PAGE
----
Ketterer Kunst Expands to LA as German Market is Threatened by New Cultural Protection Law

The German auctioneers are setting their sights across the pond.

Ketterer Kunst headquarters in Munich, Germany. Photo: Ketterer Kunst

The German auction house Ketterer Kunst has announced that it is expanding to America, and has hired art expert Stella Michaelis to lead its US operation from its newly founded Los Angeles office.

“I have been wanting to re-open our house to new overseas clients for a while now, and to offer our American buyers and sellers a more comprehensive and personalized service,” owner and CEO Robert Ketterer said in a statement.

The art auctioneers, who specialize in Expressionism, operated an office in New York throughout the 1970s and 1980s. “We’ve had an office in New York before, so the US market is not completely new to us,” Ketterer spokesperson Michaela Derra told artnet News over the telephone.

This time, with the auction house looking to strengthen its position in the contemporary art segment, Los Angeles was the chosen spot. According to a press release, the house sees the West Coast city as “the new top location for contemporary art.”

As opposed to New York, which focuses “on the art market,” Ketterer believes that Angelenos are “more interested in the content,” which “keeps attracting both young and evolving as well as highly acclaimed and established artists.”

“Our new office on the West Coast will serve all of America, assisting both consignors and buyers alike,” Robert Ketterer emphasized in the release. “I am particularly pleased that we were able to win over the expert Stella Michaelis, whose experience and knowledge of the art market will help with this challenging task,” he added.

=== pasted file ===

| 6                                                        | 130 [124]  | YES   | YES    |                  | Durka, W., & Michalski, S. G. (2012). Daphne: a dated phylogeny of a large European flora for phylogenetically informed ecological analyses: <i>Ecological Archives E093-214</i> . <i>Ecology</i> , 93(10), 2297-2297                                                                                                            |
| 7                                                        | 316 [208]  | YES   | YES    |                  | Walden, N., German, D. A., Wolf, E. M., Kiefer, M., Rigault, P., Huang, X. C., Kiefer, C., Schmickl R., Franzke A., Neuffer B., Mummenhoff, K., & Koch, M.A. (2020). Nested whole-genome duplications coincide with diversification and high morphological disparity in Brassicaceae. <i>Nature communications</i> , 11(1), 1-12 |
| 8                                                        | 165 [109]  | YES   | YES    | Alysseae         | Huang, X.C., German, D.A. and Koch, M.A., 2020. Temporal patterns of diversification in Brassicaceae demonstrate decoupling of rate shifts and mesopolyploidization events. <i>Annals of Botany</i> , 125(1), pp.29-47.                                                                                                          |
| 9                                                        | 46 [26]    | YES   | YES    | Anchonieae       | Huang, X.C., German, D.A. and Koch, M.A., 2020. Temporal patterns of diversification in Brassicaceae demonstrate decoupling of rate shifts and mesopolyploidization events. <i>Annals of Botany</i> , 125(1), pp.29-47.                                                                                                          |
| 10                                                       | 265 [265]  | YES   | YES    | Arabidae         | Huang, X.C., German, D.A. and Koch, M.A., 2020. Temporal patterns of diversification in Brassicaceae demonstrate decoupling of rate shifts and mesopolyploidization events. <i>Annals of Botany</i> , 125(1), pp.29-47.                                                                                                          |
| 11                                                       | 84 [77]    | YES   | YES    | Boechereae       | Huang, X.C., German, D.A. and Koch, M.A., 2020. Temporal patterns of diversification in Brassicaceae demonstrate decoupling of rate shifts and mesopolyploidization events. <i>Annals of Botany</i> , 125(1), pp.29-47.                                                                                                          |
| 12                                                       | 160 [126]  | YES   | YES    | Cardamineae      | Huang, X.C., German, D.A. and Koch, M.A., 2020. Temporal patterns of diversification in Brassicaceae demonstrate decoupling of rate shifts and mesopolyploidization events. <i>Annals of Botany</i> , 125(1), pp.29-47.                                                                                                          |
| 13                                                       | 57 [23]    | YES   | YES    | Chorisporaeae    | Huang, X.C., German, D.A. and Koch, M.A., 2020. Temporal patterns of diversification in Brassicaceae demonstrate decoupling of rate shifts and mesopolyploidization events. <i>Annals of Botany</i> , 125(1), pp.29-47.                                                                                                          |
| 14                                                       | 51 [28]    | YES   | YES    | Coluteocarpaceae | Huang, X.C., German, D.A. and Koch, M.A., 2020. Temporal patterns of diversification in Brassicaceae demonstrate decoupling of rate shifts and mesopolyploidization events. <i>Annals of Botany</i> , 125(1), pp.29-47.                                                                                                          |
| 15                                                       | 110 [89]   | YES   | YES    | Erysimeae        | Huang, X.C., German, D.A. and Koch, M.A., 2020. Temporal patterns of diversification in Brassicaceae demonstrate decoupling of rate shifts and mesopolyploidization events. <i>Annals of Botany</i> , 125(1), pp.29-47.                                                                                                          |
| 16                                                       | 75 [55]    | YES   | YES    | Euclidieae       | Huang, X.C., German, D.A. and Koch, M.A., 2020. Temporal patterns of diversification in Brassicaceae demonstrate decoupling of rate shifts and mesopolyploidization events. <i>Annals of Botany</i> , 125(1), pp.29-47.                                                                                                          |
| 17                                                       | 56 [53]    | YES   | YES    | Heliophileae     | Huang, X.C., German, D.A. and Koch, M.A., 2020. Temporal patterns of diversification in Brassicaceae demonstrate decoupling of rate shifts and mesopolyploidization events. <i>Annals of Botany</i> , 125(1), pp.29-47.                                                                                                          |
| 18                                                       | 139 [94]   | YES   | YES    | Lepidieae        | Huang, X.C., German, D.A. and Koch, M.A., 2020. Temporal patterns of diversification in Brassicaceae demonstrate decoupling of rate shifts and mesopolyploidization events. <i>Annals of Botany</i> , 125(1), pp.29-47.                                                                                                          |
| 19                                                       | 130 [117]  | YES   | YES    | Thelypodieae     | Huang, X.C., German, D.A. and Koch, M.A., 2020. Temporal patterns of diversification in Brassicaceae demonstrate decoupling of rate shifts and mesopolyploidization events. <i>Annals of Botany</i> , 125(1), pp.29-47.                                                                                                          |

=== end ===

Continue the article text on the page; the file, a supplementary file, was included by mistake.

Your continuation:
Meanwhile, the timing of the announcement suggests that Ketterer is the first major German auction house to expand outside its domestic market as the ratification of the government’s controversial and potentially damaging cultural heritage legislation draws closer.

The government’s plans to amend Germany’s cultural heritage protection legislation—which seeks to tighten export regulations of cultural items—has been met with fierce criticism from all quarters of the German art industry. Critics fear the legal changes could severely harm the German art market in comparison to the international competition.

“The main reason for our renewed presence in the USA is to be closer to our buyers and consigners,” Robert Ketterer told artnet News in an email. “Through a competent representative in the USA we can react faster and advise clients personally.”

“In regards to the latest developments in Germany in terms of the cultural heritage protection amendment, we also see interesting perspectives for our representation in the USA,” he added.


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